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April 6, 2014
Nottinghamshire 270 for 9 (Patel 93, Hales 61, Anderson 5-54) vs Lancashire
Those supporters frustrated with England's performances of late - and there are many - are sometimes liable to suggest throwing away most of the team in the search for quick-fix solutions.
But whatever changes the selectors make in the coming weeks, it seems most unlikely they will dispense with James Anderson. Here, under the watchful eye of national selector James Whitaker, Anderson expertly utilised helpful conditions to provide a reminder, if any was required, of his value. For better or worse, there is no bowler in England anywhere near his class. He will surely remain a foundation stone of any rebuilding operation.
Here, gaining substantial seam movement, he claimed five of the Nottinghamshire top eight as victims including three international players. It was Anderson's seventh five-wicket haul in first-class games at Trent Bridge and his third in successive innings following his heroics here in the first Test of the Investec Ashes last July. Bearing in mind that he has only played eight first-class games at the ground, that is a pretty phenomenal record.
True, Anderson does not have the pace of Mitchell Johnson or the potency of Dale Steyn. But in conditions like these - on a damp, green pitches offering substantial seam movement - he is as effective as anyone. And, if he was not asked to carry such a heavy burden - no seamer from another country bowled more overs in international cricket between the Ashes of 2010-11 and the Ashes of 2013-14 than Anderson - he might prove even more effective.
The last time Anderson appeared for England, he was struggling with a cracked rib sustained when facing Peter Siddle in the Adelaide Test. Typically, Anderson did not moan, or even let on. Indeed, he conceded a record 28 runs from a Test over in the next game - at Perth - when Stuart Broad was forced off the field with a sore foot and the burden of bowling fell, once again, to him.
But now, after a disappointing Ashes and with the England team in a transitional phase, Anderson is among the group of established Test players obliged to prove themselves anew.
"No-one can feel safe after the winter we've had," Anderson said at the close of play. "Most centrally-contracted players have four of five Championship games now and I see it as an opportunity to show what I can do. And I love playing here."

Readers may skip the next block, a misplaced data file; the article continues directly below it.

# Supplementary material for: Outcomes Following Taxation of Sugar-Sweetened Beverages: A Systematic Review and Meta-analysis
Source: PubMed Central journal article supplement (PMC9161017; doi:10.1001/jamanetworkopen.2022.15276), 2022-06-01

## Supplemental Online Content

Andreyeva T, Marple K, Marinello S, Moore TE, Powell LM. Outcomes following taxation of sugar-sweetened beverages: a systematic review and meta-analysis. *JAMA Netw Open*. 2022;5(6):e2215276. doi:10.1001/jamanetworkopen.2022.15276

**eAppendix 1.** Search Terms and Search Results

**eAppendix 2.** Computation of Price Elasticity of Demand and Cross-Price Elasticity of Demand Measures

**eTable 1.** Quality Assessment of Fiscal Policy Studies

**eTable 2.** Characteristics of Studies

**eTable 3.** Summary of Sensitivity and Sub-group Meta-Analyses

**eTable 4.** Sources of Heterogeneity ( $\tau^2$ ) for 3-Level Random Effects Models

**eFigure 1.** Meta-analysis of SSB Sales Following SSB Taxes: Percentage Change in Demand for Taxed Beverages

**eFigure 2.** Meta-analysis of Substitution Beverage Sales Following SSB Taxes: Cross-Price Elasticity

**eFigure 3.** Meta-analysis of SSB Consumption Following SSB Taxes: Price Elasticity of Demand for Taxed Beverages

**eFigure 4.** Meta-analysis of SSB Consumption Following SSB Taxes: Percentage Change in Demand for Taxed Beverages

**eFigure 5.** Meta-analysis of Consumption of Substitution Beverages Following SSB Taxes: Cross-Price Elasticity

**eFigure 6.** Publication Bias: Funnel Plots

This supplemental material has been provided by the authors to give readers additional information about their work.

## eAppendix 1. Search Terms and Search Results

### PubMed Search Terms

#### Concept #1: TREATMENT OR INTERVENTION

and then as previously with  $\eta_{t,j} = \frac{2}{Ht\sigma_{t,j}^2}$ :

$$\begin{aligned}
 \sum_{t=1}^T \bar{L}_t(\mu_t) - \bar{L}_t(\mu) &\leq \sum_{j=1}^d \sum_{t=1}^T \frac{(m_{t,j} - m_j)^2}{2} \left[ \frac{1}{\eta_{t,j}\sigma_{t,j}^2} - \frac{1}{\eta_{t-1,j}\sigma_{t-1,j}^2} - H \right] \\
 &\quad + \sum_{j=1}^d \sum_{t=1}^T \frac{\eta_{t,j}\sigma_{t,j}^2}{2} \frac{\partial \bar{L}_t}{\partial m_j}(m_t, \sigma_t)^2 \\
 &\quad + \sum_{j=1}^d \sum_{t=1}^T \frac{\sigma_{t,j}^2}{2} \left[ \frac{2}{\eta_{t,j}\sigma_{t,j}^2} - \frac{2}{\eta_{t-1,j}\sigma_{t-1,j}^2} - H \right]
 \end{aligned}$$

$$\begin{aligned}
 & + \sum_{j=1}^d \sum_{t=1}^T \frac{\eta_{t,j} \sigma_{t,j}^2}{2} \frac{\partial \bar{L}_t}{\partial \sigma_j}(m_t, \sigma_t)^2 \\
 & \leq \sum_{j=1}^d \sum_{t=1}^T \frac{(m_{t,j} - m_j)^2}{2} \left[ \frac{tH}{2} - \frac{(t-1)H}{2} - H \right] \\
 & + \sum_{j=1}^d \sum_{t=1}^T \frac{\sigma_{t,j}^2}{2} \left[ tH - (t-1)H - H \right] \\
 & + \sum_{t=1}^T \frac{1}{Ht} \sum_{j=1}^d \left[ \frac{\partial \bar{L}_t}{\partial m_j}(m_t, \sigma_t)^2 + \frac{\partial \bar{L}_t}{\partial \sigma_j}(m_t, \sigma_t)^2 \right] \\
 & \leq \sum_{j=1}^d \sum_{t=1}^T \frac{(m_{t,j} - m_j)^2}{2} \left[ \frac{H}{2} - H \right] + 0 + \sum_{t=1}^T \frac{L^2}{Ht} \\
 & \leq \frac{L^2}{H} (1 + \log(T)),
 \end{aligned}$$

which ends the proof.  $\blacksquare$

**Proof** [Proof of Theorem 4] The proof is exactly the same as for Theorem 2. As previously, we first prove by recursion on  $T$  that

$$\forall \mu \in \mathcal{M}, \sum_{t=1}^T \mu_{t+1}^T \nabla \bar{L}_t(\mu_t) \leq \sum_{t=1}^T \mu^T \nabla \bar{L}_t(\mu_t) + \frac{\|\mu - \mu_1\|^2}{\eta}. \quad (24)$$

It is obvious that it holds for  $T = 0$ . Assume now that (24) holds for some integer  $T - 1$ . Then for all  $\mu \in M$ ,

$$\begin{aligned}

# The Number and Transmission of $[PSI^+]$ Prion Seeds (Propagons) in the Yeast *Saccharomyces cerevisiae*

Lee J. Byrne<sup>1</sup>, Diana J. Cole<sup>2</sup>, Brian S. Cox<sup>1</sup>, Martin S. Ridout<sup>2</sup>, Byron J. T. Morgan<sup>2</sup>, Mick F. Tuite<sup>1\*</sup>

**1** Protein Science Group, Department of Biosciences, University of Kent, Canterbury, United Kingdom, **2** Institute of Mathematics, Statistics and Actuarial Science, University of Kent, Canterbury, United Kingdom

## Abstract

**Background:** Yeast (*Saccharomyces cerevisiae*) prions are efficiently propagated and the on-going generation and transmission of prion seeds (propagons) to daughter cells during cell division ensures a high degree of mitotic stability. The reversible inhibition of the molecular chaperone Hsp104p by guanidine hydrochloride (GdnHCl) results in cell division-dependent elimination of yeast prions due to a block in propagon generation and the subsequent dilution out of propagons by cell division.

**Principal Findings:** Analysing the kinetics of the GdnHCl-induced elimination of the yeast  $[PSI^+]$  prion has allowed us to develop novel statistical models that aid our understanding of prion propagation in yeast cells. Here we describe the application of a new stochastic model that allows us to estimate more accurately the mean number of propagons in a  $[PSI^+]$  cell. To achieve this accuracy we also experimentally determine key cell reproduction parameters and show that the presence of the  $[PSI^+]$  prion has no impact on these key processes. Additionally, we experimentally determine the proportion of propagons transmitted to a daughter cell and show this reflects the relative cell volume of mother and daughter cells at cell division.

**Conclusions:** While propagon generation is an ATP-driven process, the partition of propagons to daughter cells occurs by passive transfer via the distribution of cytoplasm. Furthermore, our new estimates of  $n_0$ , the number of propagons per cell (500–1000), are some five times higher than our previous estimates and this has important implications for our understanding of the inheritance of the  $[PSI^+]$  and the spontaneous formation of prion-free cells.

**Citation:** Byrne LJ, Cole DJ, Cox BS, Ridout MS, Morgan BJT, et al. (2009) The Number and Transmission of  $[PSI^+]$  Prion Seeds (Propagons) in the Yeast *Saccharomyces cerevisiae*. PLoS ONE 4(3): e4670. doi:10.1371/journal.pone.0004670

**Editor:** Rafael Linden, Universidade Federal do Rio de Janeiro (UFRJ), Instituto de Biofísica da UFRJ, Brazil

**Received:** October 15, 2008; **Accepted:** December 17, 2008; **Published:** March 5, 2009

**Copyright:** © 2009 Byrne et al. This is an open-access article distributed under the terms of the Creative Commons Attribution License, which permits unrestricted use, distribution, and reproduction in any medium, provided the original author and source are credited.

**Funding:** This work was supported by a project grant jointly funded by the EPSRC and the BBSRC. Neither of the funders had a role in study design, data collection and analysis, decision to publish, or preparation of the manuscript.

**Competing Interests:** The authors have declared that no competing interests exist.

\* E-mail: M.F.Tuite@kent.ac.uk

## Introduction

Although he started gently, he was back up to somewhere approaching full pace by his fourth of fifth over. He soon had Phil Jaques caught in the slips fencing at one angled across him that bounced a little more than expected, before Michael Lumb, attempting to leave outside off stump, played on and Riki Wessels' decent resistance was ended when he played across a full, straight ball.
That Lancashire were not able to take advantage of Anderson's haul was due to four factors: their own less than wonderful fielding - they dropped five or six chances depending how charitable you feel towards fielders on a chilly day during which the floodlights were kept on throughout - some impatient bowling that resulted in a surfeit of short balls and, most of all, the admirable batting of Samit Patel and Alex Hales.
Disappointment might yet bring opportunity for Hales and Patel. The Nottinghamshire pair had hoped to be off to the IPL in the coming weeks but, after the county insisted on a base price of £250,000 that put off potential franchises, they instead find themselves battling in very different conditions in England.
On the basis of this performance, though, the experience may do them good. While neither man has a reputation for the patience required to prosper in such conditions, here they were watchful and compact, combating the movement by playing straight, refusing to push for the ball and, after patient starts, prospering when conditions eased against the older ball.
Patel, who took 116 deliveries to reach his 50 but brought it up with a hooked six off Wayne White, admitted he demonstrated "the patience that I've lacked at times in my career" and conceded he had been "guilty of getting 30s and 40s" and failing to convert his strong starts at times in recent seasons. He was beaten several times and dropped twice, on 71 and 92, but this was a mature innings worth many more in easier conditions.
Had James Taylor not suffered a side strain on the club's pre-season trip to Barbados, Hales would not have been included in the team here. As it was, after a chastening 2013 in which he scored only 251 Championship runs in 18 innings, he registered his highest first-class score since August 2012 - albeit that his 50 came up with a missed chance to Paul Horton at slip - and showed that his new position - No. 6 - may be more suited to his attractive but somewhat loose style. His timing of the ball through the covers, on front and back foot, was simply beautiful.
While both men fell before the close, Patel caught down the leg side as he attempted to glance and Hales guilty of pushing at one that left him, they had earned their side more than a useful platform in the game. Anything over 250 may prove highly competitive.
But if Notts are to take advantage, they will have to do so without a couple of bowlers who might have proved highly valuable in such conditions. Siddle will arrive later in the week having experienced problems obtaining a visa and Andre Adams is absent having suffered a calf strain. Lancashire, meanwhile, are without Glen Chapple, who has a minor hamstring strain, and Jos Buttler, who has been rested following his winter exertions.
George Dobell is a senior correspondent at ESPNcricinfoFeeds: George Dobell
© ESPN Sports Media Ltd.
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